The Darkskin Problem, which was the theme of the Musers’ Inaugural book meet, held on Saturday, 24th May, 2014 at around 4pm. Although the program started a bit later than anticipated, it was a thrilling ride nevertheless.
The issues discussed were ‘Feminism’, ‘Black Identity’, ‘Language and Colour’, ‘Black Inferiority’, ‘The Issue of Lightskins’, ‘Bleaching’, and ‘Weaves/fashion’. The discussions were guided by excerpts from selected books which include Second Class Citizen by Buchi Emecheta, The Secret Life of Baba Segi’s Wives by Lola Soneyin, Yellow Yellow by Kaine Agary, Americanah by Chimamanda Ngozi Adichie and Black Skin, White Masks by Frantz Fanon. The panel of discussants included a very diverse selection of people; Justin (@TheVunderKind), Uche (@Anee_Uche), Adejoke, Ibukun (@TheOnlyIbukun), Yemi (@Yemi_UC) and yours truly, Ezim Osai (@EzimOsai). Also present were Lola Soneyin (Author of The Secret Lives of Baba Segi’s Wives) and Kaine Agary (Author of Yellow Yellow).
During the course of the discussion which lasted about two hours, a lot of varying opinions were shared by the panellists and audience and notable in the discussion was the issue of Feminism and Women Rights, where most women gave varying definitions to feminism and reasons for it. Lola Soneyin was heard to have said ‘We [women] want the same opportunities the men have’ and made a very remarkable case for feminists. On the issue of Language, one of the panellists was of the opinion that ‘Language is overrated’, and that in so far as he got his message across, he would be satisfied. Some other panellists were of totally different opinions and made their cases that language was part of an identity [as black people] and that it is very important for young people to be able to speak their parent-language. On the issue of Weaves/Fashion and Natural Hair, the discussion was thrown to the audience and various arguments were put up. Some members of the audience argued that it is solely the woman’s decision and it does not make her ‘fake’ as maintaining natural hair is tedious, painful and expensive. A lot of issues were raised and a lot of arguments were put forward, but all in all, it was a wonderful meeting.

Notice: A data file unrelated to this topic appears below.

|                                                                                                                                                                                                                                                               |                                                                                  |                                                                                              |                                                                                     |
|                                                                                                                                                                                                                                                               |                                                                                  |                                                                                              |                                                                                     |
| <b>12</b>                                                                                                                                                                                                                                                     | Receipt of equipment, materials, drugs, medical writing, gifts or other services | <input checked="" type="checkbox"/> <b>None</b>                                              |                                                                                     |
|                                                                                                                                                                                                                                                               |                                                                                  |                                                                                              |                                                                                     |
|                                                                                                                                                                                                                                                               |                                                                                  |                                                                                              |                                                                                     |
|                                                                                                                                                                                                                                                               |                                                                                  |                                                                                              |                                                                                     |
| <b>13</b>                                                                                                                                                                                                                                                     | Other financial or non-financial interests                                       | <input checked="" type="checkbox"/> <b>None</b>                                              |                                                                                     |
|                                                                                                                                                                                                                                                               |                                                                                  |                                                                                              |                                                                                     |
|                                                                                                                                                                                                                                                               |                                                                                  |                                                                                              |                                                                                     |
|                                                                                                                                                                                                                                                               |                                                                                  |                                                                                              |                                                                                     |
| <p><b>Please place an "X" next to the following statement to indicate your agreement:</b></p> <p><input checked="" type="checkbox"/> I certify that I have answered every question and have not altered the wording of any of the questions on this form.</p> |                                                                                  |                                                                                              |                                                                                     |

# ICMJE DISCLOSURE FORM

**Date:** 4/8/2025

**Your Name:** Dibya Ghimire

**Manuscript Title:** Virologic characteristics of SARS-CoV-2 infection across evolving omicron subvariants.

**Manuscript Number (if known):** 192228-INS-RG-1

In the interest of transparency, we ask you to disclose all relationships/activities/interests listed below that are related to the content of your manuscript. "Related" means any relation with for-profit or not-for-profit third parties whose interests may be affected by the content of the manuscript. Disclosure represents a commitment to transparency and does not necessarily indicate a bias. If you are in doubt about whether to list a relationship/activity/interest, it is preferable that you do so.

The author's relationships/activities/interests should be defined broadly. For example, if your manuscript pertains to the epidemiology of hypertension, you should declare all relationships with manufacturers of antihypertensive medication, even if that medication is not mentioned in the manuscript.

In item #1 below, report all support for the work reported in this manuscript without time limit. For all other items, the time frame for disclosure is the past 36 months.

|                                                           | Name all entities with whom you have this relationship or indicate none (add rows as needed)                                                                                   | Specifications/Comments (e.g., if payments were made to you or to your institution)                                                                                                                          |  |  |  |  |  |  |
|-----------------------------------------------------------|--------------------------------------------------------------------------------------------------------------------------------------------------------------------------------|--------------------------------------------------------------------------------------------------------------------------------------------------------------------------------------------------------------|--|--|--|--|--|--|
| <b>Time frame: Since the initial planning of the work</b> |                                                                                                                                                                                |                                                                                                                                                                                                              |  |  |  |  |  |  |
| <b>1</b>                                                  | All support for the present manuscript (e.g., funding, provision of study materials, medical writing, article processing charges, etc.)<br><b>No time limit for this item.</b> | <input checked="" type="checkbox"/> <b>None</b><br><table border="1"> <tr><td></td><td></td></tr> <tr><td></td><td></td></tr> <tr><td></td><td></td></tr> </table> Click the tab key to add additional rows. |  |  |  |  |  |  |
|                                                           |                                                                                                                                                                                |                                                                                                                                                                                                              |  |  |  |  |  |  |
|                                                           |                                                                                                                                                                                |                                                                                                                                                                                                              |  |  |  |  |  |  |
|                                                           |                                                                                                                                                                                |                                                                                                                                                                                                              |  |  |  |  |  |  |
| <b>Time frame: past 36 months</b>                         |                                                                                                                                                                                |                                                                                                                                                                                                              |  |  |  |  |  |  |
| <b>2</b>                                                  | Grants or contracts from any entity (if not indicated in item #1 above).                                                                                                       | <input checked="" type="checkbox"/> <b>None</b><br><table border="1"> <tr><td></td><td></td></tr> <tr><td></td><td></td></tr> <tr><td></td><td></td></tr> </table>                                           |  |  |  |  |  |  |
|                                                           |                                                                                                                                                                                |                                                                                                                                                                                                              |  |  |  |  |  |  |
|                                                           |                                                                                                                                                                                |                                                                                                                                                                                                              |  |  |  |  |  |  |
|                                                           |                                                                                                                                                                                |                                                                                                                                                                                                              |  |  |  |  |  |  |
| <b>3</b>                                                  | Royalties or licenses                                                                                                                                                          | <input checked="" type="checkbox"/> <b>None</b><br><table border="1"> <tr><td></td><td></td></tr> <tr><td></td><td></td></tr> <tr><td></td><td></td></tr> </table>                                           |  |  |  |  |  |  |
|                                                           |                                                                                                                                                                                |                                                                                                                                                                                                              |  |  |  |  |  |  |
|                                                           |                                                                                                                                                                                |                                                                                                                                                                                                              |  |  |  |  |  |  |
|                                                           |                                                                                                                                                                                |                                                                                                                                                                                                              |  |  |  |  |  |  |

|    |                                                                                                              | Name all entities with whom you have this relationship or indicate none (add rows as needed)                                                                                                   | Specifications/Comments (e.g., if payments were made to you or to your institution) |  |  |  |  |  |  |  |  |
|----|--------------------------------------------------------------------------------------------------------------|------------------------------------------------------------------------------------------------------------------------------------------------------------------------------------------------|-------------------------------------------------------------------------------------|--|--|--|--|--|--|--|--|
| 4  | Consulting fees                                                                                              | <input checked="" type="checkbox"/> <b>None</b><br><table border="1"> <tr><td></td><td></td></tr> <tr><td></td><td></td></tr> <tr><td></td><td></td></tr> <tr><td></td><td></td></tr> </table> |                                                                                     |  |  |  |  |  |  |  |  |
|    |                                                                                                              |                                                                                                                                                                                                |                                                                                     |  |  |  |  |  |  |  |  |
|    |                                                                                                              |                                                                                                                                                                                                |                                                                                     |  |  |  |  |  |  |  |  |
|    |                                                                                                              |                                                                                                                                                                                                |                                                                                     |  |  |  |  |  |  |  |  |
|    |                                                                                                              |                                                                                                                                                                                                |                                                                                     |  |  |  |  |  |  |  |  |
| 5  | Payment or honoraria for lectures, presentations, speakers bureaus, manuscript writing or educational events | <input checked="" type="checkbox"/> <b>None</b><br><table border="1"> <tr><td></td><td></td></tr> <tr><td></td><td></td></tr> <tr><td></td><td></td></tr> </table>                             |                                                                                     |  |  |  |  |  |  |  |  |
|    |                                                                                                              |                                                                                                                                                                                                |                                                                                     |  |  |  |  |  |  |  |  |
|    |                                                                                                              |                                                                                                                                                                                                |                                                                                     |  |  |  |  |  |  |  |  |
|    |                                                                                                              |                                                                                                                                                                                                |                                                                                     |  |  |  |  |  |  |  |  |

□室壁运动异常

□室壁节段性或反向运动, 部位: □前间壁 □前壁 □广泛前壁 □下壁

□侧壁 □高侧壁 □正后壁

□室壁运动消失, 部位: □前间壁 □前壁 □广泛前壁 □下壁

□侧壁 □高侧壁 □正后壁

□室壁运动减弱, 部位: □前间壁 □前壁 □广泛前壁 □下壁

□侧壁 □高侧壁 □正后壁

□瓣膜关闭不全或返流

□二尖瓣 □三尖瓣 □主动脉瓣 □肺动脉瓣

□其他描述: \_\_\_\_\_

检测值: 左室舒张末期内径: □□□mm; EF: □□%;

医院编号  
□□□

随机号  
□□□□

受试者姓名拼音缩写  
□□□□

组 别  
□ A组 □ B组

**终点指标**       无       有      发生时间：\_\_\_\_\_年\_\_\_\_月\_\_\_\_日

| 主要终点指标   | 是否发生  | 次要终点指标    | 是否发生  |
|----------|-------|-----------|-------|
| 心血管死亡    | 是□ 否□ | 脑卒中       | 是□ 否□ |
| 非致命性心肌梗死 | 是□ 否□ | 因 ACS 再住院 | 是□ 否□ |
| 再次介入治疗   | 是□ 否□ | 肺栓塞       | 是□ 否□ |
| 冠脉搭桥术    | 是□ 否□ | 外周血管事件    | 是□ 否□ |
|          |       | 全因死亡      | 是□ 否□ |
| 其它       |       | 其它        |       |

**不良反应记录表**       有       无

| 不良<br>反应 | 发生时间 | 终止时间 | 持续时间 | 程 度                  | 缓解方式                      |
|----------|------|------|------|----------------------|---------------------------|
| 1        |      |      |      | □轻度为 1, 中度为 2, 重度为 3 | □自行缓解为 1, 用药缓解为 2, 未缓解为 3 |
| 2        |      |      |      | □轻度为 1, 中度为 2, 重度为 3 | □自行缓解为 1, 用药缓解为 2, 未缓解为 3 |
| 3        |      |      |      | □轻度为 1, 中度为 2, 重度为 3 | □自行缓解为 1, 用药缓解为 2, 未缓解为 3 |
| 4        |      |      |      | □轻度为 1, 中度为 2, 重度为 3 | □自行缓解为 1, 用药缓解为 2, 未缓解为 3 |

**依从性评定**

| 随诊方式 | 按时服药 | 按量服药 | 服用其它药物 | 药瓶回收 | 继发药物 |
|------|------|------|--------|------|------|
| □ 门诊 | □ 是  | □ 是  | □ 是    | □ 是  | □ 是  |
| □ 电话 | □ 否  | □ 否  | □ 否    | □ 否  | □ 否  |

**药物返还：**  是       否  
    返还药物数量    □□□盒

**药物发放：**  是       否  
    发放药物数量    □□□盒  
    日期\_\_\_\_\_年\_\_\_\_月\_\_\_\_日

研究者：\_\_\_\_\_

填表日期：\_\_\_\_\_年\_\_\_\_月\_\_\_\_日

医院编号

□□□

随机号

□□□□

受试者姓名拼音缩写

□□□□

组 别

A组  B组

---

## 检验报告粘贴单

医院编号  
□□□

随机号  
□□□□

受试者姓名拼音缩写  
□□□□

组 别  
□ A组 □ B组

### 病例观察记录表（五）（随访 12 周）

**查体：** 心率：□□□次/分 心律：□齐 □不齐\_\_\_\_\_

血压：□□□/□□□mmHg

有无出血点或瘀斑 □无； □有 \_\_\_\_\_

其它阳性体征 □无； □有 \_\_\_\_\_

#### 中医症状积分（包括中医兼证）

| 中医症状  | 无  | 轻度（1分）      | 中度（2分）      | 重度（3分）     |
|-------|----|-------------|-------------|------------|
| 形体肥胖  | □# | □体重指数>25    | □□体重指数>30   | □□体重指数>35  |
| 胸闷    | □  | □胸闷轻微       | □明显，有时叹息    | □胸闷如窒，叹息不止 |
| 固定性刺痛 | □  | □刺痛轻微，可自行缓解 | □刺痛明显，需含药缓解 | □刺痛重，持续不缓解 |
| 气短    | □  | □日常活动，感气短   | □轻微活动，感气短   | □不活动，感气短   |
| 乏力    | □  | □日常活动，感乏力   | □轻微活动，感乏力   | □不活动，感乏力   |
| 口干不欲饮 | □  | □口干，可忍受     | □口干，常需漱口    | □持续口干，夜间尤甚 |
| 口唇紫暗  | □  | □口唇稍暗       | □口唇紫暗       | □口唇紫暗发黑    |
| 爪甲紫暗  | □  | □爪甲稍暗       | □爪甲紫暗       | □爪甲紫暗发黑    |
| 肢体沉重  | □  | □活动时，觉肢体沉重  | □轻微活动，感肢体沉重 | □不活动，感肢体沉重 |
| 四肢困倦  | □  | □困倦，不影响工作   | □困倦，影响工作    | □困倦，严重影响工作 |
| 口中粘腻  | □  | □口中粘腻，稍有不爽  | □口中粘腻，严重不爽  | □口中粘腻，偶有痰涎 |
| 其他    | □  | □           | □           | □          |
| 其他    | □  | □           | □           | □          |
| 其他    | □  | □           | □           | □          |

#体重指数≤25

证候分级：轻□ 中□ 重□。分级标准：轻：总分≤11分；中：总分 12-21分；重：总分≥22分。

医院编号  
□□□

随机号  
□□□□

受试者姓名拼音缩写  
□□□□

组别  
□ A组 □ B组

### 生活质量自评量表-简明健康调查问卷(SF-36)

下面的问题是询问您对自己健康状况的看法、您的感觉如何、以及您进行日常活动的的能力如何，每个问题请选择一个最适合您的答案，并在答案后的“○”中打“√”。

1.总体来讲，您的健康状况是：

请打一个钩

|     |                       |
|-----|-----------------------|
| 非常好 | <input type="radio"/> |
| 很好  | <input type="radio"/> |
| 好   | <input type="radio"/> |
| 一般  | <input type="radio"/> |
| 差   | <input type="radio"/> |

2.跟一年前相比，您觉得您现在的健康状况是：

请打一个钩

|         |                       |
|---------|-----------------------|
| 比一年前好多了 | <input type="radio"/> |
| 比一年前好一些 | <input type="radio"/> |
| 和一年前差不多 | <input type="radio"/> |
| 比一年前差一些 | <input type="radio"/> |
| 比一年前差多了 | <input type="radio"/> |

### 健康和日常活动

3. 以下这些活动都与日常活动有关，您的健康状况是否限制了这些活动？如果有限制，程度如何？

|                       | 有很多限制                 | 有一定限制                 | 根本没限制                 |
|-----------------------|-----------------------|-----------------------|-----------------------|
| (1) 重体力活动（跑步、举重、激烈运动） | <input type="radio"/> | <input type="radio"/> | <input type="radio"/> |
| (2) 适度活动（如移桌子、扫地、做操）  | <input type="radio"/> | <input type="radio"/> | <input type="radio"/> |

The evening closed with the last discussion being on Black Identity where Ezim Osai (@EzimOsai) talked about hair and beards and tattoos and their repercussions and people being ready to accept the consequences of their actions and choices. Uche (@Anee_Uche) gave a remarkable closing discussion on what it means to be black and Adesewa (@PrettyCrown) gave the vote of thanks which closed the meeting officially. After the meeting, The Musers shared some light refreshments and also took pictures with the authors, panellists and members of the audience. We were also able to interview one of the Musers and you can read a transcription of the interview here.
If you weren’t at the #DarkSkinProblem , then you missed out a lot. However, the discussion still continues on Twitter and you can pitch right in.
Some excerpts from the books that were read:
Race is totally overhyped these days, black people need to get over themselves, it’s all about class now, the haves and the have-nots.
Americanah – Chimamanda Ngozi Adichie
…A country conquered and occupied and a colonized country, the latter had lost its own cultural bearings and internalized the idea of the inherent superiority of the colonizing culture.
Black Skin, White Masks – Frantz Fanon
I came to understand that people had preconceived notions about others of mixed race (lightskinned) – they thought we were conceited, promiscuous, undisciplined and confused. A mixed race (lightskinned) woman in a position of power must have gotten there because of her looks. She was not there because she was intelligent.
Yellow Yellow – Kaine Agary
The women of Ibuza bought identical cotton material from UA department store and had made it into lappas and blouses of the same style. They dyed their hair and straightened it with hot combs to make it look European.
Second Class Citizen – Buchi Emecheta
That’s it from us at 9JEducation,
Read about the Musers here.
26. May. 2014